Category: Organizing

Aug 29 2014

Shanesha Taylor Regains Custody of Her Children…

I am happy to share that Shanesha Taylor regained custody of her three children yesterday.

Last week, I wrote about the criminalization of black mothers with a particular focus on Shanesha’s case in the Nation Magazine.

In the United States, the ‘bad mother’ is usually poor and almost always black. Popular representations of black women are shaped by our ideas about race, gender, sexuality, class and more. Black women exist in the culture as hypersexual, unfeminine, angry, potentially criminal, depraved things. We have been excluded from ideologies of domesticity and our families are pathologized. We are preternaturally “strong” and feel no pain therefore justifying harsh and punitive treatment by the state.

It’s a small miracle then that some people were able to overcome our collective socialization to express compassion for Shanesha Taylor and for her children. But it isn’t nearly enough for us to care about black mothers and their children or to simply acknowledge their suffering; we must change policies that are destroying their lives. We must end the war on drugs. We must provide free or low-cost childcare options. We must create living wage jobs. And we must end racist mass criminalization.

I am very happy for Shanesha who I know loves her children dearly.

Aug 28 2014

List of Demands Re: #Ferguson & Ending Police Violence

I have noticed that several organizations have issued lists of demands to address police violence and the events of Ferguson. I thought that it would be useful to compile the lists that I could find in one place. Hopefully, people can look through these lists and decide which demands they want to organize and advocate for in their communities.

The Organization For Black Struggle
The Organization for Black Struggle, in conjunction with the Hands Up, Don’t Shoot Coalition, has issued the following demands:

Immediate Demands

Local

1. Swift and impartial investigation by the Department of Justice into the Michael Brown shooting

2. Immediate arrest of Officer Darren Wilson

3. County Prosecutor Robert McCullough to stand down and allow a Special Prosecutor to be appointed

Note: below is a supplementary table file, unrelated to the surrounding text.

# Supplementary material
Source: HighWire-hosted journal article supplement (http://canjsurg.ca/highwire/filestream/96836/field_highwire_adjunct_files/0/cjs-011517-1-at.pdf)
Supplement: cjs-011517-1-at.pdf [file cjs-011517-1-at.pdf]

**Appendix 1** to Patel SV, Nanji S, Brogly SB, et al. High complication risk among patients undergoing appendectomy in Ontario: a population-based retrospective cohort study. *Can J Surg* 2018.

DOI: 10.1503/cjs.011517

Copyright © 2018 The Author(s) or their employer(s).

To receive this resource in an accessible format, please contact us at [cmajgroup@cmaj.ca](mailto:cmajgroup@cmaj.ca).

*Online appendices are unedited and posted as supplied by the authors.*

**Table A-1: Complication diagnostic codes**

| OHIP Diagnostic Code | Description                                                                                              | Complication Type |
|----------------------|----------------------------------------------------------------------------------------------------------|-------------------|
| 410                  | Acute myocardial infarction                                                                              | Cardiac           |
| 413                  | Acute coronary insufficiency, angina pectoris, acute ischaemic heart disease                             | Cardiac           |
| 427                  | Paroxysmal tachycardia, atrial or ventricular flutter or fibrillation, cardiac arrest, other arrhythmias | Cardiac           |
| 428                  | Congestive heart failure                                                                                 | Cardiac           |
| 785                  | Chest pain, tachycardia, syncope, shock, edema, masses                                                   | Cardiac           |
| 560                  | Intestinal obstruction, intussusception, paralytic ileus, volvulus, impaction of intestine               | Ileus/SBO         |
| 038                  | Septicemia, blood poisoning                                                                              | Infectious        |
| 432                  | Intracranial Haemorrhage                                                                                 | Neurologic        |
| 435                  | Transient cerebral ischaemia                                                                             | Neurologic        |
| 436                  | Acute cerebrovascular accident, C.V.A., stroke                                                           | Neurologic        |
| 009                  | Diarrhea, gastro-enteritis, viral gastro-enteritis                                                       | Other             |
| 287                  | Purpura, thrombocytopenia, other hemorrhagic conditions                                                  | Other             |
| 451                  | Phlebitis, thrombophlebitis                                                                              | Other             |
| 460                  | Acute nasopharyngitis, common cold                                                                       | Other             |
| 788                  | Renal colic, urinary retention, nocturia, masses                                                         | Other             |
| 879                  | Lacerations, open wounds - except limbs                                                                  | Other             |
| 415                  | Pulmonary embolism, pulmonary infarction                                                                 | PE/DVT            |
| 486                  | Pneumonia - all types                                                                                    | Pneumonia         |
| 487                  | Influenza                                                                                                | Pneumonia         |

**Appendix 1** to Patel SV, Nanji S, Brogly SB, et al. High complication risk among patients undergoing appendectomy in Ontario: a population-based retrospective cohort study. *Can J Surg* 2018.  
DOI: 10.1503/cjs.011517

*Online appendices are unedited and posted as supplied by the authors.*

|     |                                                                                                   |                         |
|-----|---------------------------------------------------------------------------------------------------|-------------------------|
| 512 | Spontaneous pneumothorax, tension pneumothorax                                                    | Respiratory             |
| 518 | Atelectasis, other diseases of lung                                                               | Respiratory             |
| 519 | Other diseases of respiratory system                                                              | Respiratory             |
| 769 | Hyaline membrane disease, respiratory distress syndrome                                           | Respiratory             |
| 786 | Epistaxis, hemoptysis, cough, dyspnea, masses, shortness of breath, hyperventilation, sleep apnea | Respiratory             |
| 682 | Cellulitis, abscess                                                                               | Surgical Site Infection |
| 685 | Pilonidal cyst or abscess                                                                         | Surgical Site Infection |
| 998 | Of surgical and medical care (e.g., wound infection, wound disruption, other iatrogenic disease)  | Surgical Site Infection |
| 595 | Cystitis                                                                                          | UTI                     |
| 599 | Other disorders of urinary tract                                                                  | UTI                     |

4. Firing of Ferguson Police Chief Thomas Jackson

5. Immediate de-escalation of militarized policing of peaceful protestors

6. Ensure the protection of the rights of people to assemble and peacefully protest

7. Hold law enforcement officers accountable for excessive use of force on peaceful protests

8. Immediate release of individuals who have participated in their right to assemble and peacefully protest

National

1. Obama to come to Ferguson to meet with the people whose human rights have been violated by aggressive and militarized policing, including the family of the victim–Michael Brown

2. Eric Holder to use the full resources and power of the Department of Justice to implement a nationwide investigation of systemic police brutality and harassment in black and brown communities

3. Ensure transparency, accountability, and safety of our communities by requiring front facing cameras in police departments with records of racial disparities in stops, arrests, killings, and excessive force complaints

4. Immediate suspension without pay of law enforcement officers that have used or approved excessive use of force. Additionally, their personal information and policing history should be made available to the public

NAACP Legal Defense and Education Fund and 12 other national civil and human rights organizations

In a joint statement issued today, NAACP Legal Defense and Education Fund (“LDF”) joined with 12 other leading national civil and human rights organizations in calling for action and reforms in the wake of the police killing of Michael Brown in Ferguson, Missouri.

“Nothing will be resolved until there is systemic change throughout this nation in the implicit and explicit bias against people of color and particularly African American youth who are routinely targeted by law enforcement even within their own communities,” said the letter, which was signed by Sherrilyn Ifill, President and Director-Counsel of NAACP LDF, as well as leaders from the A. Philip Randolph Institute, Advancement Project, American Civil Liberties Union, Hip Hop Caucus, Lawyers Committee for Civil Rights Under Law, National Action Network, NAACP, National Coalition on Black Civic Participation Black Women’s Roundtable, National Bar Association, National Urban League, and the Rainbow Push Coalition.

With so much to be done, we cannot begin to provide an all-inclusive list, but in an effort to outline a beginning strategy of reform, we are recommending the following:

1. An independent and comprehensive federal investigation by the Department of Justice of the fatal shooting of Michael Brown, an unarmed African American teenager shot by police in Ferguson, Missouri,
2. A comprehensive federal review and reporting of all police killings, accompanied by immediate action to address the unjustified use of lethal and excessive force by police officers in jurisdictions throughout this country against unarmed people of color,
3. A comprehensive federal review and reporting of excessive use of force generally against youth and people of color and the development of national use of force standards,